At the start of this week details of the Pupil Premium to help the education of the most disadvantaged children were published. The Institute for Fiscal Studies (IFS) has now run its eye over those details and come up with its verdict:
Pupil premium: simple and transparent financial incentive
The Government’s chosen pupil premium is simple, amounting to £430 per pupil eligible for free school meals no matter which local authority children live in. The Government originally proposed a pupil premium that would have varied in generosity across local authorities, been relatively complex to understand, and gone against the Government’s stated aim of evening out differences in funding for deprived pupils. In a welcome move, the actual pupil premium announced this week will be much simpler and more transparent, potentially sharpening the financial incentives generated by the pupil premium.
Welcoming simplicity over giving extra support to particular parts of the country is more than a mere technical evaluation, highlighting how the IFS’s views on topics quickly stray into areas of political debate – even if in this case, I think they are right about the importance of simplicity, a much under-rated feature of policies.
The IFS also look at the change in funding levels, with more pupils qualifying for the Pupil Premium than previously planned but the payment per head reduced as a result:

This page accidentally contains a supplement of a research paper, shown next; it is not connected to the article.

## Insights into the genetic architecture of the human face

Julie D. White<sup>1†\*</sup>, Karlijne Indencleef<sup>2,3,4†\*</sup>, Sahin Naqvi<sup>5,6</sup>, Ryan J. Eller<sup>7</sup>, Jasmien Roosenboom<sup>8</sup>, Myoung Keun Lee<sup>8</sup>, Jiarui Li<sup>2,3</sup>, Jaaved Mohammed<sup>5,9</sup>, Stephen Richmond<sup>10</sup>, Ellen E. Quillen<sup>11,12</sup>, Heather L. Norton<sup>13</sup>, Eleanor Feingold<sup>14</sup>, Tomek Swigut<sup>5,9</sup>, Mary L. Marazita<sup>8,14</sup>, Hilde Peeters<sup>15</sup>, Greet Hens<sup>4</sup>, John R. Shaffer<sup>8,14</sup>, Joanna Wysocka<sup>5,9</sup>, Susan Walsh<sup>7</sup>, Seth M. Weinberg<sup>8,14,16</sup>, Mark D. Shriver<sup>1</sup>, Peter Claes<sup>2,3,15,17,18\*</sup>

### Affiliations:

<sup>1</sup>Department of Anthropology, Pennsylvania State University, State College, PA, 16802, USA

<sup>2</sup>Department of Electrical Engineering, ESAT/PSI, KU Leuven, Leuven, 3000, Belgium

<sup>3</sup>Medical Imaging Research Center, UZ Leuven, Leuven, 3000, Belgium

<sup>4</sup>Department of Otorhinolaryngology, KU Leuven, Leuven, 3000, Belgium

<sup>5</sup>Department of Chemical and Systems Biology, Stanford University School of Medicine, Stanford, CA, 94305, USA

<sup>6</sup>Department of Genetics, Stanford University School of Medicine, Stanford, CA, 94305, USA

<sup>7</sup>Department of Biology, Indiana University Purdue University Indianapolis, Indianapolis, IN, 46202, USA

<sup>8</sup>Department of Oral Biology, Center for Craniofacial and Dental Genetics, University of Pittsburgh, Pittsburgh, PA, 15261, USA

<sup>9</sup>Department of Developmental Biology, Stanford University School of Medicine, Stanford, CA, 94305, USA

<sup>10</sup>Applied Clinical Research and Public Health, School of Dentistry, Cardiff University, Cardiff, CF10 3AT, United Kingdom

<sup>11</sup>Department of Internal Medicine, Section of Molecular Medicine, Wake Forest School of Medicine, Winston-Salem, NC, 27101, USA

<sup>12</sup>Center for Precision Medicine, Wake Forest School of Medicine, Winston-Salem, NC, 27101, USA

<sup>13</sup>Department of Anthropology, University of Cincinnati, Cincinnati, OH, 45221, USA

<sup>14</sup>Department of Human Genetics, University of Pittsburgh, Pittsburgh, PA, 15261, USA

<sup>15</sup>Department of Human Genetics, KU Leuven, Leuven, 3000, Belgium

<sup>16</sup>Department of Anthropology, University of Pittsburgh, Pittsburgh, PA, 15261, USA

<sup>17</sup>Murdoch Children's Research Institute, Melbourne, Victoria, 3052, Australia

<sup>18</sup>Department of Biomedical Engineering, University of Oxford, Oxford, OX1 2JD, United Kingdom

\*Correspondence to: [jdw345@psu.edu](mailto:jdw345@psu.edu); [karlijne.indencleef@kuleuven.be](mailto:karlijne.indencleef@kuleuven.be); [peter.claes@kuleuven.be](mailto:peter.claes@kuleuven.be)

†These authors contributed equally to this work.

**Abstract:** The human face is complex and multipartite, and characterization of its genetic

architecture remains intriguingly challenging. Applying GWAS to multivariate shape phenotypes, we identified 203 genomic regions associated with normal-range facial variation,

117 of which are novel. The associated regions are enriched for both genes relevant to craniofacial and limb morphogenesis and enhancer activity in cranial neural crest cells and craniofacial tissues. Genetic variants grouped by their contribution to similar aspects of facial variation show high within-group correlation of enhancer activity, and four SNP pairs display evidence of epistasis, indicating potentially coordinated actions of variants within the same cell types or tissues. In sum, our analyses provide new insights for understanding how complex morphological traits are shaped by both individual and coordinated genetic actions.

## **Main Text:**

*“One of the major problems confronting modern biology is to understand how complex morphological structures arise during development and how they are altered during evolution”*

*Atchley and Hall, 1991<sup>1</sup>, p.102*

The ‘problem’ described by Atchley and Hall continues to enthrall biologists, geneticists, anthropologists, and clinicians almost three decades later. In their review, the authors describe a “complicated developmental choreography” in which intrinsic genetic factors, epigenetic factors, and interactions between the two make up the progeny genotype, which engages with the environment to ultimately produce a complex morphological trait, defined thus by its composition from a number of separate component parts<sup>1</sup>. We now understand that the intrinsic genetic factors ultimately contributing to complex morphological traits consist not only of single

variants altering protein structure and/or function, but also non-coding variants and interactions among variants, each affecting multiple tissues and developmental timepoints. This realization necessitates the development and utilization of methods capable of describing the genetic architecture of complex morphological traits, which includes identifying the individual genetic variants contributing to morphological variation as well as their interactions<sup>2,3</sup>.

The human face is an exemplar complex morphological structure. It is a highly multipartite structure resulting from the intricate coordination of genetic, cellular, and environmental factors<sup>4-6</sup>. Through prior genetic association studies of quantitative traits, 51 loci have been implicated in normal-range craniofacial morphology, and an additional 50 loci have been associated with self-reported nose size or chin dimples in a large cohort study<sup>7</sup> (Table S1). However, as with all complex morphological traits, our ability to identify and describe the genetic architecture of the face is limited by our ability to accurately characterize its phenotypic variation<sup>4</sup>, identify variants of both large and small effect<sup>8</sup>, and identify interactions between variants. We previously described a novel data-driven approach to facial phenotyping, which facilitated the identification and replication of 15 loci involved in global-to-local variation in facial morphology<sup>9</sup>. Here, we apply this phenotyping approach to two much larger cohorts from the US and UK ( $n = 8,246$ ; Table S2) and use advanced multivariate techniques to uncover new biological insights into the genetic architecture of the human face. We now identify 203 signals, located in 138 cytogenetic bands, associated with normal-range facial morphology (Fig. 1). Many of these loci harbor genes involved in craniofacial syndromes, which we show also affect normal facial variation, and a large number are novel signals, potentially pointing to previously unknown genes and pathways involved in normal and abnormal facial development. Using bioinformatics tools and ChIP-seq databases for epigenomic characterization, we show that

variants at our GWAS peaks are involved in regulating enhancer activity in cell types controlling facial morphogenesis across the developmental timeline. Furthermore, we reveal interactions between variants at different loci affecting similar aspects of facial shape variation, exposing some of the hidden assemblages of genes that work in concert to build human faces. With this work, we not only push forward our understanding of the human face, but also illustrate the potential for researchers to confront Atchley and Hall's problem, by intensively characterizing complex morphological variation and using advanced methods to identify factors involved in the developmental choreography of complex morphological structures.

The pupil premium is lower than expected. The main reason given is that the Department for Education are now expecting a large increase in the number of children registered for free school meals, from 17.4% of pupils in January 2010 to about 20% in January 2011 (it is the number of pupils registered with their school for free school meals on 20 January 2011 that will determine precise allocations of pupil premium funding in 2011-12). This 15% increase in children registered for free school meals is significantly larger than has taken place in recent years, and is expected to arise through the stronger financial incentive generated by the pupil premium for schools to ensure all pupils entitled to free school meals are indeed registered as such with the school (i.e. the increase is amongst children in households with incomes low enough to qualify for free school meals, but who are simply not registered at present).
Getting more children who are already in theory entitled to free school meals registered for them sounds like it may be a helpful knock-on result of the policy, though file away this explanation as there is a fair chance an increase in the number of children will at some point be quoted as if it is bad news rather than a result of a welcome increase in take-up.
You can read the full IFS policy note here.
Note: the reliability or otherwise of the IFS’s evaluations was the subject of a series of posts earlier this year (see our IFS page), though the main issues discussed in those posts are not relevant to this Pupil Premium analysis.